Jeffrey Johnson is a legal writer with a focus on personal injury. He has worked on personal injury and sovereign immunity litigation in addition to experience in family, estate, and criminal law. He earned a J.D. from the University of Baltimore and has worked in legal offices and non-profits in Maryland, Texas, and North Carolina. He has also earned an MFA in screenwriting from Chapman Univer...

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UPDATED: Aug 22, 2012

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Upon divorce, it is important to review the beneficiary designations on existing life insurance policies and make any necessary changes. This may depend upon the financial obligations between the parties, such as alimony, child support, and other financial issues that may be contained in the divorce settlement agreement or ordered by the court. Read further to learn of the effects of divorce on life insurance.

Effect of Divorce on Life Insurance Beneficiaries

Life insurance is a contract between a policy owner and an insurance company whereby the insurance company promises to pay money to the designated beneficiary upon the death of the insured. Although the policy owner is usually the insured, it is not a requirement. For example, a woman may purchase a life insurance policy on her own life, which makes her both the owner and the insured under the policy. The husband may purchase a life insurance policy on his wife’s life, which would make the husband the policy owner and the wife the insured under the policy. The policy owner is the person who makes the insurance premium payments is the only person who can designate or change the beneficiary. Neither the insured nor the beneficiary can change the designated beneficiary.

If there are no children of the marriage and there are no financial obligations between the parties, then it is important to immediately designate a new beneficiary under the policy after a divorce. If the beneficiary is not changed, then the proceeds of the policy will go to the ex-spouse upon the insured’s death. Simply naming a beneficiary in one’s will does not change the beneficiary of any existing life insurance policies.

For example, a husband names his wife as the beneficiary under his life insurance policy. The couple subsequently divorce and the husband fails to change the named beneficiary under his life insurance policy. He remarries, makes a will, and designates the new spouse as the beneficiary under his will. Upon the husband’s death, the former spouse will receive all of the proceeds under the husband’s life insurance policy instead of his current wife.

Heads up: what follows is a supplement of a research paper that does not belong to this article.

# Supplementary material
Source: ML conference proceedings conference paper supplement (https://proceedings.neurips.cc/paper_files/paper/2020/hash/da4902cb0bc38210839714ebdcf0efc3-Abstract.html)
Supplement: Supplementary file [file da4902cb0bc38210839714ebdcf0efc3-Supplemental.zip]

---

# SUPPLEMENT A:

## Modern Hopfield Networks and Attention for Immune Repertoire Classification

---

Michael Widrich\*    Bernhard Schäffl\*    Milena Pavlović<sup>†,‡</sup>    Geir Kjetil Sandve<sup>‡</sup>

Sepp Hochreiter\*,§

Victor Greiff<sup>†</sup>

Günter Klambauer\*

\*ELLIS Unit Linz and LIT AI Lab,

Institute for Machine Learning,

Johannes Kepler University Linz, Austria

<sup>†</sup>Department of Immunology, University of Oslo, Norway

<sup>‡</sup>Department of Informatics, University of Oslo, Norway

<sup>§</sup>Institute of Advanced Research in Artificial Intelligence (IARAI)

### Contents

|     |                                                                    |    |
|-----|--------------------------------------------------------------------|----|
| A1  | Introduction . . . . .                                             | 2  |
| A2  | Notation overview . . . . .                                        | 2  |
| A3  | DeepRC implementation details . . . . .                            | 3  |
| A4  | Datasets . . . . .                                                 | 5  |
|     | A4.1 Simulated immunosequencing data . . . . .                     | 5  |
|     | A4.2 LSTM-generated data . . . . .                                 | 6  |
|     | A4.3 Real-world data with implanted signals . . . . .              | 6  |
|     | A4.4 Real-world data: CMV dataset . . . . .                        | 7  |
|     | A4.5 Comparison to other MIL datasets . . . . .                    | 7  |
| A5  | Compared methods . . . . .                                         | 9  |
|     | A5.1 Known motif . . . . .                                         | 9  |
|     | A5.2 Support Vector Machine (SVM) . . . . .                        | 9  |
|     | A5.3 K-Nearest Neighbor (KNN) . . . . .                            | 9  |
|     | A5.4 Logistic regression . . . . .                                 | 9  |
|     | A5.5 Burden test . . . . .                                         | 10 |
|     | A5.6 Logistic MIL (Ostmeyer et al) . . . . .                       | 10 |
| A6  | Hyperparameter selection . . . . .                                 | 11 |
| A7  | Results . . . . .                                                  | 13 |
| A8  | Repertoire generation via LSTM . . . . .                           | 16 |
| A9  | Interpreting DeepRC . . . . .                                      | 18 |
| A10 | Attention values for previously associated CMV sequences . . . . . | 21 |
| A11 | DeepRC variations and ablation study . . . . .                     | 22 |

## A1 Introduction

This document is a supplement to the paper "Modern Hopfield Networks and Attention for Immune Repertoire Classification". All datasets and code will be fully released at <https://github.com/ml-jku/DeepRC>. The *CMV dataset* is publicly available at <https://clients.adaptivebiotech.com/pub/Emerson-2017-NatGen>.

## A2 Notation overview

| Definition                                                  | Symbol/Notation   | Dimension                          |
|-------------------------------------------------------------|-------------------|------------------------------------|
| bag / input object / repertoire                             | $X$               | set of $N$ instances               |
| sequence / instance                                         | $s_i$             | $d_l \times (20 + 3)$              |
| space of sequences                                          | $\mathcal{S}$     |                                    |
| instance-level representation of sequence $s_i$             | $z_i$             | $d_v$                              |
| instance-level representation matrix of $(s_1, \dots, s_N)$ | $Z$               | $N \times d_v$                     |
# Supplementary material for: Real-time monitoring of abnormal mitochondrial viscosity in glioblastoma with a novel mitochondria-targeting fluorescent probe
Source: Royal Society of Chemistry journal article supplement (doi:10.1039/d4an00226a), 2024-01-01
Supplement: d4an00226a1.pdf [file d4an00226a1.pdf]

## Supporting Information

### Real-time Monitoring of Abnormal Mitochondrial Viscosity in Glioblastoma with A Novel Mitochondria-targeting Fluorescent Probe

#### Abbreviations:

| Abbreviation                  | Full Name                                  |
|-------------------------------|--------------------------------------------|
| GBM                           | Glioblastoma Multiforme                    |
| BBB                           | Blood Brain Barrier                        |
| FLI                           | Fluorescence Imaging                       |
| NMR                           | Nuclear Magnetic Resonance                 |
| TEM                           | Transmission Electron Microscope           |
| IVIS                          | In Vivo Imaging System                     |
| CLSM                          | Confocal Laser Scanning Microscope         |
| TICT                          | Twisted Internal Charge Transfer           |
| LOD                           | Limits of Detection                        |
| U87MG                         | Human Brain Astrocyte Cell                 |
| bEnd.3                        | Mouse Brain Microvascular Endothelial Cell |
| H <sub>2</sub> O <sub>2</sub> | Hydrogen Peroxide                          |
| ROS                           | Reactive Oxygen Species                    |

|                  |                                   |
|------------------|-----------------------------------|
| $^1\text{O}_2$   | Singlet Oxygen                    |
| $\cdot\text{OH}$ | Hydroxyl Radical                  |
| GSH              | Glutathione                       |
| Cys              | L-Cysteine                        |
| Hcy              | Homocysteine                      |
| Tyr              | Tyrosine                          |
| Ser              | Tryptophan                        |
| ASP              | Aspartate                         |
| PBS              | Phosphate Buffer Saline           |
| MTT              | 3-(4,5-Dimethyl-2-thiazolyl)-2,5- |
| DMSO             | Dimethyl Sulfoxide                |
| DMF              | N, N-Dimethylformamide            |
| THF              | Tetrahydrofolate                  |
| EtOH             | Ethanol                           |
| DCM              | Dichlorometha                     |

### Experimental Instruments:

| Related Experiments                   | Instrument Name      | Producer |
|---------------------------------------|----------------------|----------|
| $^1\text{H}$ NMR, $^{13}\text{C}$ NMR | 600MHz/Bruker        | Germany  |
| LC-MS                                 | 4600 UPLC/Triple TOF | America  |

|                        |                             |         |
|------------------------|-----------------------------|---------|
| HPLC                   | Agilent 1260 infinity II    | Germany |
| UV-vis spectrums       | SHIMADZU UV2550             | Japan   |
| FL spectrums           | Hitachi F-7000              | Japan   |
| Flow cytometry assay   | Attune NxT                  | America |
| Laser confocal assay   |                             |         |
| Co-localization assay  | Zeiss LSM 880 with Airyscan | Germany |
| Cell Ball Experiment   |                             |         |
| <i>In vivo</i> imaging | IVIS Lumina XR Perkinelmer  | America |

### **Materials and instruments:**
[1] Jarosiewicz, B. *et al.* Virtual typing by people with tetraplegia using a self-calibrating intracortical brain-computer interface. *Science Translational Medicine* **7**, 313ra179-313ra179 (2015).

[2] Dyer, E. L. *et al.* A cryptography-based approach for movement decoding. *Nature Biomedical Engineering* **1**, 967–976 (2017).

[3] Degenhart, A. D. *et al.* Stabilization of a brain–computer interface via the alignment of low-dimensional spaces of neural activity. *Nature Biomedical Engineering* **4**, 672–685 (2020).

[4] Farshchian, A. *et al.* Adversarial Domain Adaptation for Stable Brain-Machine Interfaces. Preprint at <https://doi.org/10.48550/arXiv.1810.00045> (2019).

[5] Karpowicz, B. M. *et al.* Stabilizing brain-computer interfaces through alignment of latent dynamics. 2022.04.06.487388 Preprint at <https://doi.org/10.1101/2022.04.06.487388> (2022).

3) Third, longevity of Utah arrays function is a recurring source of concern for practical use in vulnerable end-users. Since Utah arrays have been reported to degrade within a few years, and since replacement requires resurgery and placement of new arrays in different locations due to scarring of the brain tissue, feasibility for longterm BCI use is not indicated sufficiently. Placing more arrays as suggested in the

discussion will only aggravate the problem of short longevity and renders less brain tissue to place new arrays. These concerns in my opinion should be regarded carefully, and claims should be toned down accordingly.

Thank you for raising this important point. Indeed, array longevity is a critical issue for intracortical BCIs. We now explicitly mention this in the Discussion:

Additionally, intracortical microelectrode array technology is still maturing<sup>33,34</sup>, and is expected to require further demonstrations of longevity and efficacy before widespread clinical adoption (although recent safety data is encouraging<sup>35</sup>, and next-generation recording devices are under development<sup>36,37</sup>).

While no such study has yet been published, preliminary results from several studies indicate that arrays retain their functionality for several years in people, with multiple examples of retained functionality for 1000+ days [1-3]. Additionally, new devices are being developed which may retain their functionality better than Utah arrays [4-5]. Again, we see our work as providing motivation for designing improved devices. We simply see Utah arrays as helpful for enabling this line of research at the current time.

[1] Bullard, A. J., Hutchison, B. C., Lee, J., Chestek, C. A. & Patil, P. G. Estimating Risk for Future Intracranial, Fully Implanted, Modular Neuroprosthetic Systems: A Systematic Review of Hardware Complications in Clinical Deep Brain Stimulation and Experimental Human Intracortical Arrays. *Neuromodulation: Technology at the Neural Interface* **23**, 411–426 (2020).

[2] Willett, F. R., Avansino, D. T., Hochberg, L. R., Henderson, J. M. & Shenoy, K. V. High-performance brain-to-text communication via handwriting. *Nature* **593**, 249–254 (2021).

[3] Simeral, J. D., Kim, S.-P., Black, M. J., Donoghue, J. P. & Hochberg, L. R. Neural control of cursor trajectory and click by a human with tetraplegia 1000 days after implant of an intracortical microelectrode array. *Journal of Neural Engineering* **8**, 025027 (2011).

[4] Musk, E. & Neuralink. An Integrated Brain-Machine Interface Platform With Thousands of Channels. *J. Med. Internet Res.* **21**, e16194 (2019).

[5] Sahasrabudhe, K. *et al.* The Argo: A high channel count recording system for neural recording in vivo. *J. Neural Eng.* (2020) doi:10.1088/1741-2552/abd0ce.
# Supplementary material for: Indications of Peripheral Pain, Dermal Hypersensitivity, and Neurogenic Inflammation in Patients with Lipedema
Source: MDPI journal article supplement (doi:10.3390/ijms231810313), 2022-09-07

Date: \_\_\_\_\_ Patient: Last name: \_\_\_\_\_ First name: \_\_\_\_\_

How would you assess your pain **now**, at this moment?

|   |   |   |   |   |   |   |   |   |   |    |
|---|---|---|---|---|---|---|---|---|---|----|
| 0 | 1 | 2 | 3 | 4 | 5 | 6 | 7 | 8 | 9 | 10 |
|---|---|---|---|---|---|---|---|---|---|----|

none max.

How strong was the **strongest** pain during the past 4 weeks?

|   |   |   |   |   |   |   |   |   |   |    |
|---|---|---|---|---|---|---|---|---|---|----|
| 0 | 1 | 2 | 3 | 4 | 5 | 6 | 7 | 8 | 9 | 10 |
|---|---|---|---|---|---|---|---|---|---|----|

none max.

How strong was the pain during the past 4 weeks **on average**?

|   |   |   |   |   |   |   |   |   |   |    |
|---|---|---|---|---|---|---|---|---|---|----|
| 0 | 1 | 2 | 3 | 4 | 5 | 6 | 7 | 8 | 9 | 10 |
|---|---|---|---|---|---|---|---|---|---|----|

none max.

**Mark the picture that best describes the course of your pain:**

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Changing Beneficiaries After Divorce

The only way to avoid this scenario would be to change the beneficiary listed in the life insurance policy. If the policy owner cannot decide who to name as beneficiary of the policy, he can designate that the proceeds of the policy flow to the insured’s estate, in which case the proceeds will be distributed according to the insured’s will or by interstate succession if the insured dies without a will.

If there are financial obligations as part of the divorce settlement agreement, the beneficiaries should be designated according to the agreement. For example, if the agreement requires the husband to pay alimony to the wife, the husband may maintain a life insurance policy for the benefit of the wife that may be terminated upon certain conditions, such as the wife’s remarriage or until the obligation to pay alimony is otherwise terminated or modified. Another scenario may be that, under the agreement, the non-custodial parent is required to pay the mortgage payments on the marital home until the children reach the age of majority. The life insurance policy may designate that the proceeds pay off the mortgage on the marital home upon the insured’s death.

Protecting Children and Dependents

If there are children of the marriage, both parents should maintain a life insurance policy for the benefit of the children until they reach the age of majority. This ensures that the children’s needs will be met in the event of the death of either parent. If the non-custodial parent has any concerns that the custodial parent will not use the proceeds of the life insurance policy for the benefit of the children, a trust may be set up and a trusted friend, relative or institution named as the trustee. The trustee would be legally obligated to use the money in the children’s best interests.

If the agreement requires the ex-spouse to maintain a life insurance policy for the benefit of the spouse and/or children, it is important to monitor the policy to make sure it remains in force and the premiums are paid on time. If the insured spouse fails to keep the policy in force, the beneficiaries may have a claim against the estate of the insured for the amount of the proceeds they would have received in the policy had remained in force.